First thing’s first… take a moment to be PROUD of yourself and EXCITED!!! This is the most iconic marathon in the world. You’re running the Boston Marathon and it’s going to be AMAZING! Be sure to do your best to leave the stress and pressure at home and when you land in Boston, be ready to take in the whole experience!
I have been fortunate enough to run the Boston marathon twice. First in 2015, as my second ever marathon, and again in the fall of 2021 on the professional list, so I have experience from both perspectives. When I ran it in 2021 I was not after a PB, so was able to really take in the entire experience. I want to share some memories and learnings in hopes that it better prepares you to have the race of a lifetime at the Boston Marathon!
I have been lucky to run two good races. In 2015 I ran a 6mins PB in pretty terrible conditions. In 2021 I ran a controlled, smart race in more ideal conditions and was able to hit my goal of being sub 2:40.00.
I originally started writing a blog while I was fundraising and training for Boston in 2015, so I also have some race reviews from right after that race which you can read those here: https://torunningchiro.com/2015/04/25/race-in-review-the-boston-marathon-april-20-2015/
The lead up: It’s overwhelming (in the best way possible) especially if you have not run a big major marathon in the past. Sometimes overwhelming mixed with nerves can be a little too much, so be prepared for this. Ideally, get the expo done as soon as you can. Usually you can pre buy the jacket online or in the local Boston running stores so you don’t have to wait in a line.
Course preview: https://www.youtube.com/watch?v=TEoWRSIZB4Q/
I found this course preview helpful and it’s short so you can easily watch it a few times to get ready.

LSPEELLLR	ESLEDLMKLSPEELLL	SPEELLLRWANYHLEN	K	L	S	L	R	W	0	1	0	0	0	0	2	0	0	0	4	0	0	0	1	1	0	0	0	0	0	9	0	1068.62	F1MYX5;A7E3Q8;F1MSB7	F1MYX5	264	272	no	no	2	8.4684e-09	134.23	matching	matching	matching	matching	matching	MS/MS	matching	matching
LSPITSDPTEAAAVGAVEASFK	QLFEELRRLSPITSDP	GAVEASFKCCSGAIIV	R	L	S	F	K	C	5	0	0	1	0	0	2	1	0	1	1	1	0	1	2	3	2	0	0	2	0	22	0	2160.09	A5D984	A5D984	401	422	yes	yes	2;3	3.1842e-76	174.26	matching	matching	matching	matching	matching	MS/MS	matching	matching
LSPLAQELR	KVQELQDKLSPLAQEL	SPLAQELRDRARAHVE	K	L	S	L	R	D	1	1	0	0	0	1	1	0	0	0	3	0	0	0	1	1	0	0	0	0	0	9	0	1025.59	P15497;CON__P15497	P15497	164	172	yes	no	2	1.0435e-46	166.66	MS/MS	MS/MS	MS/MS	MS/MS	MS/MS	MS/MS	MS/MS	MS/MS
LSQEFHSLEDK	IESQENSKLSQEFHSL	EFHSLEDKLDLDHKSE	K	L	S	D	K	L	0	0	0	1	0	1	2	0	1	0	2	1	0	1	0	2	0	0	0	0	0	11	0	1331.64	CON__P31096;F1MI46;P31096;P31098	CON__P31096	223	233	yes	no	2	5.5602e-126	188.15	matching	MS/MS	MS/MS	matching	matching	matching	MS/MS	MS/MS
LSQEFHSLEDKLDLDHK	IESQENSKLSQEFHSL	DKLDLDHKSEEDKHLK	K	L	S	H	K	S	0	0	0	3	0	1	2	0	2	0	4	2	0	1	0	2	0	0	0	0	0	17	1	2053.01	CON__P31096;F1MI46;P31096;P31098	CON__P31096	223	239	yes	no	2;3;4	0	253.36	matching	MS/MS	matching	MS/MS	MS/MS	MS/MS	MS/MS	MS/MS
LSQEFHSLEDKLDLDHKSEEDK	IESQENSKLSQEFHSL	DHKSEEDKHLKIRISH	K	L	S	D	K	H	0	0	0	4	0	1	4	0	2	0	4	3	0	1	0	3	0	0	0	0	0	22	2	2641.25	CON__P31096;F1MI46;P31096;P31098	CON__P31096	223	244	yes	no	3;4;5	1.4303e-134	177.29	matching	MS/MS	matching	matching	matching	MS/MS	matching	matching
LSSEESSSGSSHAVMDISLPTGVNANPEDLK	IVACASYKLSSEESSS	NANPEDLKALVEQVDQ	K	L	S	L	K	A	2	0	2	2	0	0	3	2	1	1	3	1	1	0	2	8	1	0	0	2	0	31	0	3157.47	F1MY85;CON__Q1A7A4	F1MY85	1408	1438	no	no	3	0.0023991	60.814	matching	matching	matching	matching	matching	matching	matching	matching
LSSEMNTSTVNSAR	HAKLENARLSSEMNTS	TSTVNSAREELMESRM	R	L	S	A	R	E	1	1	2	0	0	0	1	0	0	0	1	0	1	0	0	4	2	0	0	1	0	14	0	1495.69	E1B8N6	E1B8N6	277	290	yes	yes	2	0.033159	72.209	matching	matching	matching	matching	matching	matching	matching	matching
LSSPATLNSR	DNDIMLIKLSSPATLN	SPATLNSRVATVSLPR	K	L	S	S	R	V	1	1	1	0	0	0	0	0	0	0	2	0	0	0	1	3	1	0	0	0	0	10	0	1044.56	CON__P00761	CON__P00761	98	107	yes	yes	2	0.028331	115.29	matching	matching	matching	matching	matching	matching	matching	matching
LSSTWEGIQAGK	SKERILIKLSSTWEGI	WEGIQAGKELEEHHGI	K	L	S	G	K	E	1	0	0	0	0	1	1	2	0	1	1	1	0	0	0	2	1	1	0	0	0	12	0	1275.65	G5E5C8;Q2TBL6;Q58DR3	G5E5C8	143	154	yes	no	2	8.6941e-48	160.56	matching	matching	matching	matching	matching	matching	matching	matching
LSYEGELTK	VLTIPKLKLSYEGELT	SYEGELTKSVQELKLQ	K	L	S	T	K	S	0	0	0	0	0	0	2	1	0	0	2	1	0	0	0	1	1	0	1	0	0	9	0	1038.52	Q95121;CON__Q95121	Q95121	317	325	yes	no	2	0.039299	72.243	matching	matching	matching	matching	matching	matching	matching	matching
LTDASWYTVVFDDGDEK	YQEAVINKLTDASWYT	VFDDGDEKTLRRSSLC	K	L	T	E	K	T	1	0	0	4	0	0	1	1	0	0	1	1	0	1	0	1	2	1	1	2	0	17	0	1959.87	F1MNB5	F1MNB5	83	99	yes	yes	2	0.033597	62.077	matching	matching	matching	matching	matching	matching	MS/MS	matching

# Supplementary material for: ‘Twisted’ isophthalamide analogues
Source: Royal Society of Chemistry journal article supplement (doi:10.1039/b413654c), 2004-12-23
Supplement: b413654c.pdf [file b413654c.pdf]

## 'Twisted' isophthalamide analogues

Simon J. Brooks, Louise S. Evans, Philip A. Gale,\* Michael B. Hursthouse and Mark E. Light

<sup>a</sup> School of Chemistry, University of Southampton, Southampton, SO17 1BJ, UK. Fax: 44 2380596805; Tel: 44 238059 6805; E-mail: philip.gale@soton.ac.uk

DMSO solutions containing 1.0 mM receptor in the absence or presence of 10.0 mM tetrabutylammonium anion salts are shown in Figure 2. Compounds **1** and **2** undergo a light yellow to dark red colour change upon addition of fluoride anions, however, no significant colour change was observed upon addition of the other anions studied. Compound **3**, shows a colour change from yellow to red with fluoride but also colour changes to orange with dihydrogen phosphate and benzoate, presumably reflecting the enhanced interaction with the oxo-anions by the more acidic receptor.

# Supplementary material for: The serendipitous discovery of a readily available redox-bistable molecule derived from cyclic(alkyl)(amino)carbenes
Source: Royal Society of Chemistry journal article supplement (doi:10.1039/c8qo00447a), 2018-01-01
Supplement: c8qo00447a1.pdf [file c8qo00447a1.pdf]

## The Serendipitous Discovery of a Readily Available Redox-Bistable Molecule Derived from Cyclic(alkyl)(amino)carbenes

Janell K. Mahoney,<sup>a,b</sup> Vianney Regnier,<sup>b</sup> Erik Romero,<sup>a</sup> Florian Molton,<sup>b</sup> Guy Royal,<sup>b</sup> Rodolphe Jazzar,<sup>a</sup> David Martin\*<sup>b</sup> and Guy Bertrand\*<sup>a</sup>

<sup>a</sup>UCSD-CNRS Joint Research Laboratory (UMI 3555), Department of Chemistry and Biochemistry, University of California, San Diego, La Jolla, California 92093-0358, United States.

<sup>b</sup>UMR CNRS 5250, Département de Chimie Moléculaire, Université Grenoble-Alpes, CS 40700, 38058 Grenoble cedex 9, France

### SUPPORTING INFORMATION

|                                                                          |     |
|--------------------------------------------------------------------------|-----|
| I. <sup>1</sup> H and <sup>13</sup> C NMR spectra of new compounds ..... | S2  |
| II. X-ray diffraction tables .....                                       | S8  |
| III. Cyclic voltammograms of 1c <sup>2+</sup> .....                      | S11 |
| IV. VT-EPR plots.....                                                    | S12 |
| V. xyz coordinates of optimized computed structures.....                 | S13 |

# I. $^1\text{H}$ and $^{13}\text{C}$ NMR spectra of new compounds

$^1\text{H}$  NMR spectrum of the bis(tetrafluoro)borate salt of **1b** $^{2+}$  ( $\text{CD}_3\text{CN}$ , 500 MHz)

Weather: If there’s one thing we know about Boston, it’s that the weather is rarely perfect. BUT we cannot control the weather, so be as prepared as you can, and embrace the conditions you are given. You have surely trained through most of the conditions that you might encounter. Be sure to think of all the awful weather you ran through to get you here. “There is no such thing as bad weather, just soft people.” -Bill Bowerman
The morning of:
Elite version: You have to arrive SUPER early in the hotel meeting room to check in and then wait until it’s time to go, most people sitting on the floor. When you head to the buses all of the hotel staff comes out and applauds, it is a really special moment, so be sure to take it in!
From there you load into beautiful coach buses where everyone has their own row. It’s probably worth bringing your headphones along because it’s not a short trip. ALSO, and I did not realize this until halfway through the ride, there is a police escort with motorcycles literally stopping traffic. It was wild!
When you arrive at the staging area (a church) they have Maurten gels, water and coffee. Be sure to grab a mat to sit on as soon as you get there (they ran out when I was there) and find a comfy spot because you have well over an hour before it’s go time. There is a ~100m stretch on a road behind the church you can warm up on pre race. They will give everyone a call before you need to be there. They have multiple porta potties and I am sure there were washrooms in the church as well. I never waited in line. They will take you to the startline with lots of time to do strides etc. And then you are off!!
Bottles were easy to see and grab, at every ~8k or so.
Post race, they escort you to the recovery room which has food, massage and your bags.
Non elite version:
Sorry, it’s a little different than what I just described, but none the less, still an amazing experience!
Bus ride: The bus ride is long, to the point where it is questionable that it’s only 42.2km away. So be prepared for this. Definitely have some fluids to sip on and even a snack, depending on your fueling plan. Also, be prepared for a lot of nervous/excited energy, but do your best to not let it get to you. Try to focus on the excitement and everyone is really friendly.
Anything you bring to the athletes village stays there so do not bring anything so important that you can’t leave behind or do not plan to run with. The year I did it they had some tents set up but they filled up fast. There are many of porta potties BUT also lots of people, so it may even be worth lining up as soon as you get there, to make sure you have gone at least once. Typically you are in the village for ~1hr.